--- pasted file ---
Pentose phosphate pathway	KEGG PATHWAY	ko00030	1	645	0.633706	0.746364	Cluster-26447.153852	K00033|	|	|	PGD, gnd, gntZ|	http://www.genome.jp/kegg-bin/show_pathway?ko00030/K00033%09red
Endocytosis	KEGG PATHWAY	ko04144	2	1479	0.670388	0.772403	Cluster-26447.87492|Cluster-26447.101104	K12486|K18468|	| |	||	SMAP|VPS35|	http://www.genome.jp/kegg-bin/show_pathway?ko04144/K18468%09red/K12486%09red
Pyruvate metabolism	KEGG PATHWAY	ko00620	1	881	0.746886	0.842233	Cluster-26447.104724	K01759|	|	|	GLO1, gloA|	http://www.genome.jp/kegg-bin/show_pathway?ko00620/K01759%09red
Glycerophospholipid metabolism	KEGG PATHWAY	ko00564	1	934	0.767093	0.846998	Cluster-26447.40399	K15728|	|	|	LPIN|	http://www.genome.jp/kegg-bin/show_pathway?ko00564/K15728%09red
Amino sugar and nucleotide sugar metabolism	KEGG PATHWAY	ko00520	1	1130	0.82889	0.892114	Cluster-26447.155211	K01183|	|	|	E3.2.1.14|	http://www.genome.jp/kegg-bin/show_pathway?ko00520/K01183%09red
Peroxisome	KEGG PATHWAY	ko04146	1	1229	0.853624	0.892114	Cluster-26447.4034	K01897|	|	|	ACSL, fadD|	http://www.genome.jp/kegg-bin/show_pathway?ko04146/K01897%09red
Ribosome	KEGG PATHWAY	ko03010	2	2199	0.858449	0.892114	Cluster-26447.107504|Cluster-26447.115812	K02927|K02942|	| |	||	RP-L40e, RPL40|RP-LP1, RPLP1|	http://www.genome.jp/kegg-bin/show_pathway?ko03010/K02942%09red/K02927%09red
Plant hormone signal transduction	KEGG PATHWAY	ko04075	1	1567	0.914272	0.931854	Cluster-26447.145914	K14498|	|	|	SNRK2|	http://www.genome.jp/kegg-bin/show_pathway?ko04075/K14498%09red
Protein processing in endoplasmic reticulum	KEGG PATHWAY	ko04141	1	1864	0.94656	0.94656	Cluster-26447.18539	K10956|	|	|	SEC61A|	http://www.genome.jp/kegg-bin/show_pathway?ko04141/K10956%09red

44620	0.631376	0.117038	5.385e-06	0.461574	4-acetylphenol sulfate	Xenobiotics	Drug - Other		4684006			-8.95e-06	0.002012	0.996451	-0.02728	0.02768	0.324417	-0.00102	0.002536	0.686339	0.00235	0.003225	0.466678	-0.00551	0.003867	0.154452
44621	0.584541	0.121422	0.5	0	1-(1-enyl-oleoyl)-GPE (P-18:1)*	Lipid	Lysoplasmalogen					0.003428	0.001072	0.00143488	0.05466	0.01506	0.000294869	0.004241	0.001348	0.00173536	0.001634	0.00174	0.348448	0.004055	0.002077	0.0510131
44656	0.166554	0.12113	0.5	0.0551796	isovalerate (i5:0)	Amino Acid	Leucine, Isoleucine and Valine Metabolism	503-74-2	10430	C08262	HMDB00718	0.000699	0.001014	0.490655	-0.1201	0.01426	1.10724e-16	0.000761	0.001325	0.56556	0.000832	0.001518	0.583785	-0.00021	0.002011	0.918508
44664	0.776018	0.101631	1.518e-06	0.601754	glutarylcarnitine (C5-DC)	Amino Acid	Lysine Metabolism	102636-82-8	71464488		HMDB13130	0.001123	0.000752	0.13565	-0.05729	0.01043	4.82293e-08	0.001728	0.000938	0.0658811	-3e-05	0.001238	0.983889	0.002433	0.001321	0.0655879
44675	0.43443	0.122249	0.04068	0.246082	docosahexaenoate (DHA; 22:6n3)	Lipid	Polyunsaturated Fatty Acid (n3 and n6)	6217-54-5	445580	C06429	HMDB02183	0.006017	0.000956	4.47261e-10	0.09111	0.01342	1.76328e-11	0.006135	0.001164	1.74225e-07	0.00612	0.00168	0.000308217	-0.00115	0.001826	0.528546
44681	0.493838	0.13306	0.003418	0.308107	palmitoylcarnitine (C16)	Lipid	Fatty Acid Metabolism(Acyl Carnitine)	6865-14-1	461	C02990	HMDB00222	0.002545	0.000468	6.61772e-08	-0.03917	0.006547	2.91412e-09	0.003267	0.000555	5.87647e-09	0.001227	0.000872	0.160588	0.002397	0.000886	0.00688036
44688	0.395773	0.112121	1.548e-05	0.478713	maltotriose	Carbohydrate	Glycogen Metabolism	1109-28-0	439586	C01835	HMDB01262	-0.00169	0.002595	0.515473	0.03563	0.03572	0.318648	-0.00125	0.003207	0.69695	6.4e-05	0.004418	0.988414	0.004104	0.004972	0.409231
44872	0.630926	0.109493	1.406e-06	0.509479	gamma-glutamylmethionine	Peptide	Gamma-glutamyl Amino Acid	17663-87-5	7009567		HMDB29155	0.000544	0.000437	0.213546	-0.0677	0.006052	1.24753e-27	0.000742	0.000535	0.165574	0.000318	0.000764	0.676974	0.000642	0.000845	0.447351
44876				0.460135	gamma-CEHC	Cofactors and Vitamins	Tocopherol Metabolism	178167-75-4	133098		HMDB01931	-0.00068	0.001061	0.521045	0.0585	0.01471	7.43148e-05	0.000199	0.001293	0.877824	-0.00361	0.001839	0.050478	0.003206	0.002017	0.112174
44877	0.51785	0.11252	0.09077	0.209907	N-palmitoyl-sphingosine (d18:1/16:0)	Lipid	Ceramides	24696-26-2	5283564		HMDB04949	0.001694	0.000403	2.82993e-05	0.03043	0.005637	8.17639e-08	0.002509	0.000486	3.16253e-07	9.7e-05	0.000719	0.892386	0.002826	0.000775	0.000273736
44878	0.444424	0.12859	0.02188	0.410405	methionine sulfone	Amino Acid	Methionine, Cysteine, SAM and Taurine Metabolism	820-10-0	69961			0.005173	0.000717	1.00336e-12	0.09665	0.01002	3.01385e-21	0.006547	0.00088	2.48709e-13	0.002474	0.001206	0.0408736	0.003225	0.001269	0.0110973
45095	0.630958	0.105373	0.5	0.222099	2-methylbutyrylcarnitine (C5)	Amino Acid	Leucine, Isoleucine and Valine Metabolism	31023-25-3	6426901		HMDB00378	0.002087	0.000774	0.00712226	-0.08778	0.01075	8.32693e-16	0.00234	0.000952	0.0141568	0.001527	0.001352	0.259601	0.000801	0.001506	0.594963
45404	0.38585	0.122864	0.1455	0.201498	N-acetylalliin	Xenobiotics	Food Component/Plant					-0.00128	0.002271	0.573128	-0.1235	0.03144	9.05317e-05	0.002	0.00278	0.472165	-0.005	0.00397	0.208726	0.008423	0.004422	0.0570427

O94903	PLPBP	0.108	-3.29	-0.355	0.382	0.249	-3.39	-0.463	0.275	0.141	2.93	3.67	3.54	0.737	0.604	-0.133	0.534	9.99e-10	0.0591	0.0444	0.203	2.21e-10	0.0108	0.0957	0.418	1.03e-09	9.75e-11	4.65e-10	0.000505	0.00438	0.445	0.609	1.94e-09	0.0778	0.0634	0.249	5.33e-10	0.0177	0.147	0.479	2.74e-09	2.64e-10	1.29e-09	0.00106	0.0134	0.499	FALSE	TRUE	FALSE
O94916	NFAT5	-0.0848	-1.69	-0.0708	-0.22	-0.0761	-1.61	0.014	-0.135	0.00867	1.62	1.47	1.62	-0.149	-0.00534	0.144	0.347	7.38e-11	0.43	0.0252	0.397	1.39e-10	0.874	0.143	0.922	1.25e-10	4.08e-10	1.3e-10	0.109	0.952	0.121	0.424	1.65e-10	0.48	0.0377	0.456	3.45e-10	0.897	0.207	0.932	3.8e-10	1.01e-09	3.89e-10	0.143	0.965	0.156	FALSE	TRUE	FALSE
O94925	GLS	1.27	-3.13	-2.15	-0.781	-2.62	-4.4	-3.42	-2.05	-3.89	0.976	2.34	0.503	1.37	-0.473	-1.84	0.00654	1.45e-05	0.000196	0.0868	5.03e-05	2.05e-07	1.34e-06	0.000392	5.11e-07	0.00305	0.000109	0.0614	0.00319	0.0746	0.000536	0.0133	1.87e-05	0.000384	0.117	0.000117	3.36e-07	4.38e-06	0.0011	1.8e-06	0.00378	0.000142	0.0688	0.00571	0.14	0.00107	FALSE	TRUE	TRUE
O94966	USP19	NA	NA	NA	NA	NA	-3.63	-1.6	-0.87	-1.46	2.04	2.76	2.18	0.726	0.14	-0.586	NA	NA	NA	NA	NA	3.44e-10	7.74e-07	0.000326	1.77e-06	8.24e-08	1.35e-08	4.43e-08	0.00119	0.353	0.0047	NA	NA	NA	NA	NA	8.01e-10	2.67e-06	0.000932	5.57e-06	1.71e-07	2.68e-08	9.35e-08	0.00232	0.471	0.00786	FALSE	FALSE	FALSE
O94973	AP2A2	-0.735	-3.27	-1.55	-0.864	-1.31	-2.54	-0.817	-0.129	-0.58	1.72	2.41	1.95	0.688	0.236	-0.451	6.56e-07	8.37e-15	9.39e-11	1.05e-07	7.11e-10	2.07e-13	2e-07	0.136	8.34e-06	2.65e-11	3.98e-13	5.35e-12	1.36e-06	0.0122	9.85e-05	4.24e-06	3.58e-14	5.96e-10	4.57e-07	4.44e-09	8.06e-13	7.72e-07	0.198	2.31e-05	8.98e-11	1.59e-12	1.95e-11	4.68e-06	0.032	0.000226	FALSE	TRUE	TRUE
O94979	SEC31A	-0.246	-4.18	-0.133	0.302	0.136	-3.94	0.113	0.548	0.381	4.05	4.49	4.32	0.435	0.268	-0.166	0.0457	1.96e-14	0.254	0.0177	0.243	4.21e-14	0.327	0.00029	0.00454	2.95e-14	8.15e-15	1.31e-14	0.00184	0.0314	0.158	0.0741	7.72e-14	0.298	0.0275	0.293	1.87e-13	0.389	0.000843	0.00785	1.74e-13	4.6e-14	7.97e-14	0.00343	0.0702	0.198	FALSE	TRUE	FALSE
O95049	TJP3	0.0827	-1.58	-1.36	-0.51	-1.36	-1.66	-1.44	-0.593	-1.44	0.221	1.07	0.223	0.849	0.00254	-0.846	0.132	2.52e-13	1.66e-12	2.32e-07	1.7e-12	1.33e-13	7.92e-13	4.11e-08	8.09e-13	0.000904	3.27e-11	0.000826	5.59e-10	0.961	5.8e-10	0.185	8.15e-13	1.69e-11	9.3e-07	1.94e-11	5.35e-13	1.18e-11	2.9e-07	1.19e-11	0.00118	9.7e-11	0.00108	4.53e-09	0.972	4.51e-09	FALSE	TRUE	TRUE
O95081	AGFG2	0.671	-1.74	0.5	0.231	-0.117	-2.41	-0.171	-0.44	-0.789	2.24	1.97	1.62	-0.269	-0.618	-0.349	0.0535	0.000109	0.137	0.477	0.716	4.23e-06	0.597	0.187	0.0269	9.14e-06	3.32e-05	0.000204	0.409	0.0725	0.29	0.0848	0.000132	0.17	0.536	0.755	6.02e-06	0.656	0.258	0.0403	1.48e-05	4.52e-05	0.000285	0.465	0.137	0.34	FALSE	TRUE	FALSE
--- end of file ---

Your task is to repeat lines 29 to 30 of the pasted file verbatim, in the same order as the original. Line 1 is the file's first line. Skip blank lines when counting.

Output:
O95049	TJP3	0.0827	-1.58	-1.36	-0.51	-1.36	-1.66	-1.44	-0.593	-1.44	0.221	1.07	0.223	0.849	0.00254	-0.846	0.132	2.52e-13	1.66e-12	2.32e-07	1.7e-12	1.33e-13	7.92e-13	4.11e-08	8.09e-13	0.000904	3.27e-11	0.000826	5.59e-10	0.961	5.8e-10	0.185	8.15e-13	1.69e-11	9.3e-07	1.94e-11	5.35e-13	1.18e-11	2.9e-07	1.19e-11	0.00118	9.7e-11	0.00108	4.53e-09	0.972	4.51e-09	FALSE	TRUE	TRUE
O95081	AGFG2	0.671	-1.74	0.5	0.231	-0.117	-2.41	-0.171	-0.44	-0.789	2.24	1.97	1.62	-0.269	-0.618	-0.349	0.0535	0.000109	0.137	0.477	0.716	4.23e-06	0.597	0.187	0.0269	9.14e-06	3.32e-05	0.000204	0.409	0.0725	0.29	0.0848	0.000132	0.17	0.536	0.755	6.02e-06	0.656	0.258	0.0403	1.48e-05	4.52e-05	0.000285	0.465	0.137	0.34	FALSE	TRUE	FALSE